The best part for me is when you have an idea, and then you see people reacting well to the idea. I like generating the material, and having ideas that no one has had before. I was saying to my girlfriend the other day, I’m not sure if I actually enjoy stand-up, or if I enjoy sitting in a café with a notebook so that people think that I’m interesting. You do need a bit of an ego, but I think there must be something missing in your life for you to do it as well. It’s kind of a balance between the two really.


This is one of my favourite questions to ask comedians…what is the best heckle you’ve ever had?

So I was doing a gig one Friday night, and a lady stood up on her chair and said, “I saw you last night at a bar, eating cheese.” And it definitely wasn’t me. It 100% was not me. You can’t prepare for that. She said it with such authority that I started doubting myself. It was one of those ones that were so bizarre; you don’t need to do anything with it. Heckles can be funny. It happens a lot less than you’d think, what I tend to get is people joining in. Very rarely we just get abuse shouted at us, when you start that’s what you’re terrified of. At a comedy gig most people are too nervous to sit on the front row, and for me the audience doesn’t get picked on as much as they think either. No comic is going to go out and destroy someone who has paid to see his or her show. Some people do want their mates to be destroyed, but those groups aren’t as fun to play to really. 


I’ve been to comedy gigs before with a friend who always forces me to sit on the front row, and I’m waiting for the day I get picked on.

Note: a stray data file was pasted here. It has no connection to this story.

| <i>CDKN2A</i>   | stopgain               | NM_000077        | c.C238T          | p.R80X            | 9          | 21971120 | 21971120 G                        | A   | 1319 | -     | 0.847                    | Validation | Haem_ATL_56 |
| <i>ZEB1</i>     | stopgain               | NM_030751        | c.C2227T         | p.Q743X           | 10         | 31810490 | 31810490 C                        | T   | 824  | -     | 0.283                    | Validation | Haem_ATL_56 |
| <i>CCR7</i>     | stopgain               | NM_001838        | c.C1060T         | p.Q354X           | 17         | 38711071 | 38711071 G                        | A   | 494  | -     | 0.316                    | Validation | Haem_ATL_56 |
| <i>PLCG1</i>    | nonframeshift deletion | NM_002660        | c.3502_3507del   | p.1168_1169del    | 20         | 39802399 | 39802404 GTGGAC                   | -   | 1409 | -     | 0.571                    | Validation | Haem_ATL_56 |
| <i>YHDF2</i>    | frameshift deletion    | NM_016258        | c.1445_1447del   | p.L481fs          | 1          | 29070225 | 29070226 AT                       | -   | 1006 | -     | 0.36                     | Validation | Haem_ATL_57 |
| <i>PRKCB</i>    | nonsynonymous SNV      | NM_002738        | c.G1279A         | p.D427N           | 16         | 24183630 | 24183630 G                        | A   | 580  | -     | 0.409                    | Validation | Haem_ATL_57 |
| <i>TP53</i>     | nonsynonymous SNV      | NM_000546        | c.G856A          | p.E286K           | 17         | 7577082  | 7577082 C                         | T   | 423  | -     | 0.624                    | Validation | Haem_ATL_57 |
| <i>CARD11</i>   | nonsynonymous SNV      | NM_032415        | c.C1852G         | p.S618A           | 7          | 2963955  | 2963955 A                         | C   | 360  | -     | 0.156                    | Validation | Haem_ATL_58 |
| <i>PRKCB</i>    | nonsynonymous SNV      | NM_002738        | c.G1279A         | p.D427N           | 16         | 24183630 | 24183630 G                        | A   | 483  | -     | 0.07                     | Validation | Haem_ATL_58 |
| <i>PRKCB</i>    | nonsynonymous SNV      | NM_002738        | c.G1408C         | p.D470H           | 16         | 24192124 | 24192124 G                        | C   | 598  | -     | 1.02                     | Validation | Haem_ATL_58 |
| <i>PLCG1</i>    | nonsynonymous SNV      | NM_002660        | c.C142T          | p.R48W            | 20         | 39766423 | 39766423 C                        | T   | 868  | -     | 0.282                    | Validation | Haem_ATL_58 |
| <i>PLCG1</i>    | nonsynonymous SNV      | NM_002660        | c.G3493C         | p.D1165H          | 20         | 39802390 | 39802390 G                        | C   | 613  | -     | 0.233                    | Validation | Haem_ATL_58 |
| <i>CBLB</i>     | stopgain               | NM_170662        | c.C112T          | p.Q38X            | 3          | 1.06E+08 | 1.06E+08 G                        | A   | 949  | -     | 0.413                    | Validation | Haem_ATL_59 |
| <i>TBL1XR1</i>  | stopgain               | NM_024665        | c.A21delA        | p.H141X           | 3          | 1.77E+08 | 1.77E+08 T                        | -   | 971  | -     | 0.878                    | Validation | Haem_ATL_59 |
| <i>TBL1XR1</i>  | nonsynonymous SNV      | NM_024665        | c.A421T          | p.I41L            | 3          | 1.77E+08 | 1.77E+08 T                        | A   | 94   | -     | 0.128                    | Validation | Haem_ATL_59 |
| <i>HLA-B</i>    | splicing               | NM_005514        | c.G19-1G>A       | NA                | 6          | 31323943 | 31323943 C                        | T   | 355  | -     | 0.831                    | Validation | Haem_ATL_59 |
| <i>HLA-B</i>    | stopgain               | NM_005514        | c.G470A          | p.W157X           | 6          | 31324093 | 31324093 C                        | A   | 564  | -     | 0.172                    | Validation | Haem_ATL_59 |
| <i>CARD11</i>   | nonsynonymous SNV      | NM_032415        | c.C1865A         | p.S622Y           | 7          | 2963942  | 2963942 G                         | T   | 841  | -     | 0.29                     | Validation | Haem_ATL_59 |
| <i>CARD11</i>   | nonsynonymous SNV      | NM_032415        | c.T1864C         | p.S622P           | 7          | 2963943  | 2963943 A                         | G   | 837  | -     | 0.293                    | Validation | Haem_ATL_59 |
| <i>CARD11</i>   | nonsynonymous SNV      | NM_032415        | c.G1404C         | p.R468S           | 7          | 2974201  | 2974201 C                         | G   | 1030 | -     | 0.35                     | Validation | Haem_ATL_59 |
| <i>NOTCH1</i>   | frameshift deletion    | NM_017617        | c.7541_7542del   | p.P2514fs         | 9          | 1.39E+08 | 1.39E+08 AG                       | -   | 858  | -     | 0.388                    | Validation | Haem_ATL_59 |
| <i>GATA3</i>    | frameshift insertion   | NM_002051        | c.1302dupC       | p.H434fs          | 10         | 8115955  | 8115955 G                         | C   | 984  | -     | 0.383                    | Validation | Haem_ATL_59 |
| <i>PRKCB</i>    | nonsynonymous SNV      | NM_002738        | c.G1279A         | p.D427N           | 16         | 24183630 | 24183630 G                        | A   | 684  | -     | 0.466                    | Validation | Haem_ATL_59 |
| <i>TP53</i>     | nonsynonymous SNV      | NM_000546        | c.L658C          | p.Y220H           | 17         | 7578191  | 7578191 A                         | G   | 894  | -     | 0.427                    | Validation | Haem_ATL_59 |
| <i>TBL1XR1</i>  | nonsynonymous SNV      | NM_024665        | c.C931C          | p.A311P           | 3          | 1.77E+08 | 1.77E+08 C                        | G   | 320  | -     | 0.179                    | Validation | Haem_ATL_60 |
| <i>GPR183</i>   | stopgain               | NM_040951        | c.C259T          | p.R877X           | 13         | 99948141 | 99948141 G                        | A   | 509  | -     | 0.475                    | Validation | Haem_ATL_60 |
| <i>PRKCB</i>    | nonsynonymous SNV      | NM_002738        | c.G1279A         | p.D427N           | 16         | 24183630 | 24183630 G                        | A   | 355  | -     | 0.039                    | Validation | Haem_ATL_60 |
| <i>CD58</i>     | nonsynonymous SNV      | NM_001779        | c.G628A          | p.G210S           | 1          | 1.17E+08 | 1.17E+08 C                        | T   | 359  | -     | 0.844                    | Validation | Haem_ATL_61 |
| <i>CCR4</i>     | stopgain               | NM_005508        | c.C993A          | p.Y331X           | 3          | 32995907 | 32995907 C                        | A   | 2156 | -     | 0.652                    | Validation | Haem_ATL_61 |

From a career point of view, I don’t want to embarrass anyone but try to get the funniest interaction possible.


Have you got any more projects in the pipeline?

I feel really unambitious now (laughs). I’m just going to try to get really good at stand-up, I’ve got an idea for next year’s show that I’m really excited about. But I could change my mind. Sometimes you think, “This will be my McIntyre, I’ll do this at the Apollo.” I just keep writing everyday and some things work, some things don’t – I do work hard, but I downplay it. I can never moan about comedy, and can’t moan about being busy or tired!

 

Josh will be performing A Boy Named Pugh, on Thursday 12th October at Birmingham mac, as well as showcasing his new material The Nuneaton and Hinckley Technical College Revue on Sunday 15th October at Cherry Reds Birmingham. 

Book your tickets for his critically acclaimed show here: www.macbirmingham.co.uk and be sure to catch his work in progress at the free half-dayer event! 

For more information visit: www.bhamcomfest.co.uk

@JoshPughComic

www.joshpughcomedy.com